“You’ve got to have people coming in first,” said Zhang. “Only when people are willing to come to visit or even stay can rural life be revitalized.”

He and his wife Chen have turned the ground floor of their house into what has become known as the most beautiful rural book club in Shanghai. Surrounded as it is by a vast stretch of rice paddy and decorated with flowers and paintings by Chen and her mother, aside from offering a place for locals to meet, the book club — A Literary World of Mint Fragrance — attracts many expats and artists from Shanghai who wish to relax or work out in a bucolic environment.

When city and countryside live in harmony, village life prospers and all breathe easier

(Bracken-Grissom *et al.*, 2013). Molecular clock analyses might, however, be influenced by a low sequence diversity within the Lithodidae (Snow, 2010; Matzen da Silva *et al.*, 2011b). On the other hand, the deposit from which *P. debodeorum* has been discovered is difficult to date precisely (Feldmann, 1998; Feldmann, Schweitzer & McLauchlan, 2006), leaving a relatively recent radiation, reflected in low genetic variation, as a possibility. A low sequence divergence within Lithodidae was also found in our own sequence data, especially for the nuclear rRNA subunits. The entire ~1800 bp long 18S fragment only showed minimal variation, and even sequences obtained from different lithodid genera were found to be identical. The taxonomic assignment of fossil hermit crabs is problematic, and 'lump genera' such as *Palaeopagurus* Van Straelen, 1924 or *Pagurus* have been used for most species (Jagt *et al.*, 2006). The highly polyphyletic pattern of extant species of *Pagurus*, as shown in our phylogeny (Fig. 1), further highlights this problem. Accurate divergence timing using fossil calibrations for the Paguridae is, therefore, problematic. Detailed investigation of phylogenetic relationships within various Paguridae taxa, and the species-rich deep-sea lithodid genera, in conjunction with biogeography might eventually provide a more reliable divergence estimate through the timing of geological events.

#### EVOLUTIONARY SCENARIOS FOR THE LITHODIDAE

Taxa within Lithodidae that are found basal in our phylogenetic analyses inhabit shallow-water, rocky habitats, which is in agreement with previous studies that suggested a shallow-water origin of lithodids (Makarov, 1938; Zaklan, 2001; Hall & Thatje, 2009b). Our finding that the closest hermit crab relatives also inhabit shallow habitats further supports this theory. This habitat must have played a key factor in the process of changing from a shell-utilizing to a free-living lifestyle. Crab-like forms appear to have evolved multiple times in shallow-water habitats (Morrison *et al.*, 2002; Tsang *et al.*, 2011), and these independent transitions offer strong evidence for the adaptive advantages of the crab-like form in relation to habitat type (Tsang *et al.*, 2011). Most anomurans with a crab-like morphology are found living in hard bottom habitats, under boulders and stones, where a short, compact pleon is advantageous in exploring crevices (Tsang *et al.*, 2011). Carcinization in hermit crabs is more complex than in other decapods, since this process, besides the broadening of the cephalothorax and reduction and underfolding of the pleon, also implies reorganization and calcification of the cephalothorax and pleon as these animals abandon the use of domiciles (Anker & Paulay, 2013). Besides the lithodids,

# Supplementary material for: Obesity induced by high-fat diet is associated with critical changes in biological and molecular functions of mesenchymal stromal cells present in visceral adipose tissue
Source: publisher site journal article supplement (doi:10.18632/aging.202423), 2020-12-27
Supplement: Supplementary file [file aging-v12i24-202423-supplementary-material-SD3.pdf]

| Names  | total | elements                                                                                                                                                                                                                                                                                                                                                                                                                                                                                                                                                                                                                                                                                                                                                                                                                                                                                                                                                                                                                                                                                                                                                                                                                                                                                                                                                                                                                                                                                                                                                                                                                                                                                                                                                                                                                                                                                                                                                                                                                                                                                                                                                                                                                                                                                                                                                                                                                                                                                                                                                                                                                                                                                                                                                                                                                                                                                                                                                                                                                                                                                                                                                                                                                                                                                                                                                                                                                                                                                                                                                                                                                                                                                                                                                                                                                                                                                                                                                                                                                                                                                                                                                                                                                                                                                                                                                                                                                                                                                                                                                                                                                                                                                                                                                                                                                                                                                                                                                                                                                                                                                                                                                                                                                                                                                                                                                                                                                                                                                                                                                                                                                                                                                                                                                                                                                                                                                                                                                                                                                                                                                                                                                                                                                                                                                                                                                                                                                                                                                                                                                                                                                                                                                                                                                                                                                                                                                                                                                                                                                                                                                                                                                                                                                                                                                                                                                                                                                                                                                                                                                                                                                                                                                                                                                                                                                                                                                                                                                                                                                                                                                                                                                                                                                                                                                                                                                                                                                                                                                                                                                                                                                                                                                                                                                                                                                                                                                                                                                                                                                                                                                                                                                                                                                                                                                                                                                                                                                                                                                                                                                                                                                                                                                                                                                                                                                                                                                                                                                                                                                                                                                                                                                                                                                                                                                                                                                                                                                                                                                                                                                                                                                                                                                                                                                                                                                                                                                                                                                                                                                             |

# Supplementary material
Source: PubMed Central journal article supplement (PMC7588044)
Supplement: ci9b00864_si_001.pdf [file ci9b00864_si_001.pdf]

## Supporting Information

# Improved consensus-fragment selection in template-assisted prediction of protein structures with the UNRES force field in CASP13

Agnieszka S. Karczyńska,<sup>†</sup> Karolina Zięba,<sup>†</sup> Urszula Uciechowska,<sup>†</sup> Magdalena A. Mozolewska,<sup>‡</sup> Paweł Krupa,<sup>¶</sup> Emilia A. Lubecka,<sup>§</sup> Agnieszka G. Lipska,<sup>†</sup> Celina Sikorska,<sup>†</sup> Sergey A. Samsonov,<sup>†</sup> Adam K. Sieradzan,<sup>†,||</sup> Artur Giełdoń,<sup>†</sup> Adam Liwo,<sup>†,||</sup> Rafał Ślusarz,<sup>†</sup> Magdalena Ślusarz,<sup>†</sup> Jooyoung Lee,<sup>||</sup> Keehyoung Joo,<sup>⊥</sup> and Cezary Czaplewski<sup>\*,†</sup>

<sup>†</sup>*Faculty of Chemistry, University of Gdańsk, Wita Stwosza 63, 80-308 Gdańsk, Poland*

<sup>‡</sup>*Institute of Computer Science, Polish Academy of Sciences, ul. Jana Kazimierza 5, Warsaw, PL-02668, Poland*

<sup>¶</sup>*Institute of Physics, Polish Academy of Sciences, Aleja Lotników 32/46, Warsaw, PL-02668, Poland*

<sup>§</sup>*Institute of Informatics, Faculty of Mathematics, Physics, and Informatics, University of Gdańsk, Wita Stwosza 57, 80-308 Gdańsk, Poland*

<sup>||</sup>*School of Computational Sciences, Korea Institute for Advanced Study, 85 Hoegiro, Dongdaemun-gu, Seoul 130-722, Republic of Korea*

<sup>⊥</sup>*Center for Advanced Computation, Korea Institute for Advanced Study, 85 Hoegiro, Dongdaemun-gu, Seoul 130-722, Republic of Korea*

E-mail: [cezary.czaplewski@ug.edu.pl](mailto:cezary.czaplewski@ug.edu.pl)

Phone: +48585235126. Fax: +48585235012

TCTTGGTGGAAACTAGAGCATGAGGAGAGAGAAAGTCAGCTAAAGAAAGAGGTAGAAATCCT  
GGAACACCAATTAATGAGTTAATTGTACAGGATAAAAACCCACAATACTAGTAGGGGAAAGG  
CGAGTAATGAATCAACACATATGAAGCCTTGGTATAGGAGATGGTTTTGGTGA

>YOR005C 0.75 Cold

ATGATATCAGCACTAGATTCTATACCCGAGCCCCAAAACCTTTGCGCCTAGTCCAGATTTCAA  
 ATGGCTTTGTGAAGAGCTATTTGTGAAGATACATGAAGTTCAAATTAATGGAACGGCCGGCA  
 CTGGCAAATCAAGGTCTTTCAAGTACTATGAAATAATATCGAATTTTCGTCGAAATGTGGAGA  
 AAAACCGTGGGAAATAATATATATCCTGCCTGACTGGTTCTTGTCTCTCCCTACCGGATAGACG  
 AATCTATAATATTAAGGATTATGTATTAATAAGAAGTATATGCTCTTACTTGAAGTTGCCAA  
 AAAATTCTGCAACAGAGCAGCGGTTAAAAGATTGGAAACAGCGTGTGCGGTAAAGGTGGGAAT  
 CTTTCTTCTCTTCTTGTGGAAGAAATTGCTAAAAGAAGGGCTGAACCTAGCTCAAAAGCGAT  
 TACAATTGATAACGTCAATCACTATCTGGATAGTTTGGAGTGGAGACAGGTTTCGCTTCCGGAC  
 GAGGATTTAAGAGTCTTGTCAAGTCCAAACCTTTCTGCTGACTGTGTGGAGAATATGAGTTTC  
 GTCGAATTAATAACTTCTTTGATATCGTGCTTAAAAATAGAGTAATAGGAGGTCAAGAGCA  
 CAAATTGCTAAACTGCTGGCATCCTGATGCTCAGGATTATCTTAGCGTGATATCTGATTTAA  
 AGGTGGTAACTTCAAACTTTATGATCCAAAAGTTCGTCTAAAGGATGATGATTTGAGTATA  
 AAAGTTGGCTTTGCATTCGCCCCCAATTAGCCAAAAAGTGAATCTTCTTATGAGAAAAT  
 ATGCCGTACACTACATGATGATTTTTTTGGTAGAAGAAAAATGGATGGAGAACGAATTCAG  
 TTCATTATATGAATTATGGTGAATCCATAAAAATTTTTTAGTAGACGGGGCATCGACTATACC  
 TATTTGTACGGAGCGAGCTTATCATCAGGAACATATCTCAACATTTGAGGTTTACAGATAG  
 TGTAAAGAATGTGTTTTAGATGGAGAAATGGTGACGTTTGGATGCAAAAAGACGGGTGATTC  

Jiang Xiaowei / SHINE

Self-taught painter Xu Fengying, Chen Junfang’s mother, expresses her love of the rural landscape through her popular oil paintings. 

Many of the village’s houses are vacant. Zhang and Chen invited artists to rent these houses either as temporary homes or as studios.

“It benefits both the newcomers and locals,” Zhang said. “The newcomers like the pastoral ambience, and in their spare time, they offer ad hoc entertainment for the local people.”

It is not just an ordinary rental relationship, in which the owner of a house and the renter do not “interfere” with each other once the contract is signed. The newcomers, including cross-talk masters, a sculptor and a filmmaker, all entrust their homes to the care of the owners, including Zhang and Chen.

We entered cross-talk master Zhao Songtao’s rented home for an uninvited visit while he was away, as his door was open. It reminded me of writer Feng Zikai’s observation of the difference between an urban and a rural home — one locked, the other unlocked against strange faces.